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THE MORBID STATES
THE STOMACH AND DUODENUM,
Relations to the Diseases of other Organs.
SAMUEL FENWICK, M. D.
MEMBER OF THE ROYAL COLLEGE OF PHYSICIANS,
FORMERLY LECTURER ON PATHOLOGICAL ANATOMY IN THE UNIVERSITY OY DURIAN.
LONDON: JOHN CHURCHILL AND SONS, NEW BURLINGTON STREET.
Some apology appears to be necessary in introducing a work on the Diseases of the Stomach, when so many excellent treatises on indigestion have been lately issued. There are, however, two aspects from which we may regard the morbid states of an organ. We may either view them simply as altering the anatomical structure and impairing the efficiency of the part affected; or as influencing other portions of the system, modifying the progress of various maladies, and giving rise to changes in the texture and functions of the different structures of which the body is composed. With the former point of view late writers have been chiefly occupied; to the latter I am anxious chiefly to direct the attention of my readers.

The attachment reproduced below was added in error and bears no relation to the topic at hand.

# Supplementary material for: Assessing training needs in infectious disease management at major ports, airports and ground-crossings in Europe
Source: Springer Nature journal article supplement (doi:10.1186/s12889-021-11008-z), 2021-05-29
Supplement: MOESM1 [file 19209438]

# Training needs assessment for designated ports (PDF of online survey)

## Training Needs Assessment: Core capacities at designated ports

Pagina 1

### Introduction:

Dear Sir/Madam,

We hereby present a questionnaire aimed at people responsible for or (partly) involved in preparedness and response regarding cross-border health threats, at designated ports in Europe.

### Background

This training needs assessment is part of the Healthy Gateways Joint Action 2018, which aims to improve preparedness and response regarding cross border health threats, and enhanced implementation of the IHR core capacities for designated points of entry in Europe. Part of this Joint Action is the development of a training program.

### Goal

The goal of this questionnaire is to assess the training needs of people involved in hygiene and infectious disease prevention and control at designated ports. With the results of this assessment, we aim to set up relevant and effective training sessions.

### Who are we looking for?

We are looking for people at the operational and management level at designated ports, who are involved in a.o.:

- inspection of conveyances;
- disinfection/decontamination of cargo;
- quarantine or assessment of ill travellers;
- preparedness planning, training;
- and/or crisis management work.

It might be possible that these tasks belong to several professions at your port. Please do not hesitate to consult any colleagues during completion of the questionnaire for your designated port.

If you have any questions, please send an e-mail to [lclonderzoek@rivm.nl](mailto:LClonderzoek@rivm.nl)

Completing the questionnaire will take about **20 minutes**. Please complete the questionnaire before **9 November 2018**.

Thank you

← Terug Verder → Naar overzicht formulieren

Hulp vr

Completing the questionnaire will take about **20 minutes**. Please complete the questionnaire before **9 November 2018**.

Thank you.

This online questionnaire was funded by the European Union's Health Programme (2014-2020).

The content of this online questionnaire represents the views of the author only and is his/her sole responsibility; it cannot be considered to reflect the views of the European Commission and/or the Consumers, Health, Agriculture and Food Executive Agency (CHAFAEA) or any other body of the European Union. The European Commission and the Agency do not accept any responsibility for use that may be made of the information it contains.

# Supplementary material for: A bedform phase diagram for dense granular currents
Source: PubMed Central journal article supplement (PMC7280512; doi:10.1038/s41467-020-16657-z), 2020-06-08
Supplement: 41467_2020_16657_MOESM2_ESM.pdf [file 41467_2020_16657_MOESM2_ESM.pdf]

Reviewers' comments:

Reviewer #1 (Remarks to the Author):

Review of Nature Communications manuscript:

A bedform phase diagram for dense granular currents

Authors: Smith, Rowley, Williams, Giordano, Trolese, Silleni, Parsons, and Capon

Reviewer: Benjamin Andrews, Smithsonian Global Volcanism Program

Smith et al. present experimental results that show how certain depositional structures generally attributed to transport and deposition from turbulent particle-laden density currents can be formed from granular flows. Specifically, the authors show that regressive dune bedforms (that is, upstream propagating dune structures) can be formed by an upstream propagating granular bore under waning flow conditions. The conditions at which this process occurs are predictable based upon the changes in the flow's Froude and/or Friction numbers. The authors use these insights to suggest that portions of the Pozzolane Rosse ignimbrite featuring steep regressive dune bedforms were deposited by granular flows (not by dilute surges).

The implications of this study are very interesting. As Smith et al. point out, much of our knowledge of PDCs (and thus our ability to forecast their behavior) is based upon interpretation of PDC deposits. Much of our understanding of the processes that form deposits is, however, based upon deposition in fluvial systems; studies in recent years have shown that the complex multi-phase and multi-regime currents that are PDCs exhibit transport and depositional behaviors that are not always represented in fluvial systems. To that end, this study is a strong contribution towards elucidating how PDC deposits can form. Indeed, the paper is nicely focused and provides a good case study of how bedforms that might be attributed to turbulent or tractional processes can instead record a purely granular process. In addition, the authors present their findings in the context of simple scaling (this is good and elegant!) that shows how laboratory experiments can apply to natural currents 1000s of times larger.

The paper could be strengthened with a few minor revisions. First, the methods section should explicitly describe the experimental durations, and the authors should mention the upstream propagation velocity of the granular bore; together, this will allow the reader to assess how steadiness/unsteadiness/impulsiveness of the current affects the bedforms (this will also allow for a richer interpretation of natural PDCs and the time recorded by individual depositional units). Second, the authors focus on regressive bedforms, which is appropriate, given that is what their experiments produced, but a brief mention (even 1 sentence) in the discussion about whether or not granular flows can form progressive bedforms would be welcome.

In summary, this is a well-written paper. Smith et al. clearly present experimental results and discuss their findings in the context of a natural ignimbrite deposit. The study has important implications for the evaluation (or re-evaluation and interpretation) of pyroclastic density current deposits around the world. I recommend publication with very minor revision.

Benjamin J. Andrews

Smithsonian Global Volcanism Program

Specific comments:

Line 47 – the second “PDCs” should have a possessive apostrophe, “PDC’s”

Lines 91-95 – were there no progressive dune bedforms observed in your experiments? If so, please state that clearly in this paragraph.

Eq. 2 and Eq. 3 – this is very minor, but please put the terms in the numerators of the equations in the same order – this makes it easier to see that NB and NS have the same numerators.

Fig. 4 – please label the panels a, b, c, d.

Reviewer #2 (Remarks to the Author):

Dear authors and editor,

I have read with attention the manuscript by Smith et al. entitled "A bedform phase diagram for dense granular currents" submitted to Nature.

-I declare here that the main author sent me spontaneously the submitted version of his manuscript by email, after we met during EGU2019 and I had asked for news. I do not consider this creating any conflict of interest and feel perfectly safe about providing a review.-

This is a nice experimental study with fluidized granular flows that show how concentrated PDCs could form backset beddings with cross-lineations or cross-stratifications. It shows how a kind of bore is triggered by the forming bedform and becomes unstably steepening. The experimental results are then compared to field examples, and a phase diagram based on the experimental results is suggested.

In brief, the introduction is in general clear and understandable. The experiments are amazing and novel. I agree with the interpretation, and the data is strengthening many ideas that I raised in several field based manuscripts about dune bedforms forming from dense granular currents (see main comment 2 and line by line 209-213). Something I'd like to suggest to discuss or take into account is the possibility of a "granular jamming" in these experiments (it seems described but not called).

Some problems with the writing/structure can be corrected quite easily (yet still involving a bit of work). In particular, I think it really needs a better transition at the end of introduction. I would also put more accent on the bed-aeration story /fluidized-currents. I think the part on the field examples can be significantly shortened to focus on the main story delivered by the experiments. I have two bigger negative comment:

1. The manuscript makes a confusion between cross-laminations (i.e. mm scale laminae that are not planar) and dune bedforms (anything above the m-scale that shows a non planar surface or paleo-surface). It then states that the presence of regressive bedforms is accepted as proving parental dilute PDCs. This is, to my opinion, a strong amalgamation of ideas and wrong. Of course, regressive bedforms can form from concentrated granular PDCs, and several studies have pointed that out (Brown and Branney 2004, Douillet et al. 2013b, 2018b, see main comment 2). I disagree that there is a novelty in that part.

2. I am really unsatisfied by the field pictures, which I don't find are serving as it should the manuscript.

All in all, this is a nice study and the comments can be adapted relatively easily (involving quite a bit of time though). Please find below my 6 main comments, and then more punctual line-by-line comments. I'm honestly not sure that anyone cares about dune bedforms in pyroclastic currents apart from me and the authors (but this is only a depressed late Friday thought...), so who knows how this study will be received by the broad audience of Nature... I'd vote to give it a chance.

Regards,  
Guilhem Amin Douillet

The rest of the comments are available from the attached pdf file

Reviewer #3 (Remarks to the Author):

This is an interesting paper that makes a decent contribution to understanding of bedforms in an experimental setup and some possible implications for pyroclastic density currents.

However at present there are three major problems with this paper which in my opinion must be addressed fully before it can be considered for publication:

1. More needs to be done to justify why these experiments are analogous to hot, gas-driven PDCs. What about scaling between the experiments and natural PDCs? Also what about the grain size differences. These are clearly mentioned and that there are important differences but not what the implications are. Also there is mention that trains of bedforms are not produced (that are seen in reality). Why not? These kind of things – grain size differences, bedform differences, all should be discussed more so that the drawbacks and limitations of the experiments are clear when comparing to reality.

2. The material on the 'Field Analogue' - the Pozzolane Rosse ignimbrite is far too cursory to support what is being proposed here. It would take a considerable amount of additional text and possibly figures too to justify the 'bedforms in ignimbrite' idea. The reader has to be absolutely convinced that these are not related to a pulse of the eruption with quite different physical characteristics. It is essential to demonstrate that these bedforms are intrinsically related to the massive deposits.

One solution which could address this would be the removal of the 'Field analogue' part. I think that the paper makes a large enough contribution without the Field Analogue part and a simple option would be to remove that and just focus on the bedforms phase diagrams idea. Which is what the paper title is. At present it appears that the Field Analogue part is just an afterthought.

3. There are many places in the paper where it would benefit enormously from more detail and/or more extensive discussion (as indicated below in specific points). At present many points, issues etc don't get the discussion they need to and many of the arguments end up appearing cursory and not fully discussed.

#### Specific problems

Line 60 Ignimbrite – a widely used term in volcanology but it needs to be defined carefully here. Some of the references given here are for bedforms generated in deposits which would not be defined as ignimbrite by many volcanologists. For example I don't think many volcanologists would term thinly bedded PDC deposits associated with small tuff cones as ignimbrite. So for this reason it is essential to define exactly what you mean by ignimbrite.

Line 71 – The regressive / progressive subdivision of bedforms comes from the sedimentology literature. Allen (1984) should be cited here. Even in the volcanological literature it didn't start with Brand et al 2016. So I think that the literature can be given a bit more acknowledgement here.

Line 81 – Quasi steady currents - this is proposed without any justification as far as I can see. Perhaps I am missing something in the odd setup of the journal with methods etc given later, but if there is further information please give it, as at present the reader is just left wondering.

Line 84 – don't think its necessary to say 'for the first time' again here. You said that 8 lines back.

The practitioner is constantly consulted for symptoms apparently unconnected with the malady with which a patient may be affected; thus, a person whom he knows to labour under a disease of the heart or kidneys, may be habitually seeking relief for sensations indicating a derangement in the functions of the brain or stomach. And, in other cases, although the chief complaint may be of the disordered action of the organ whose structure is most notably altered,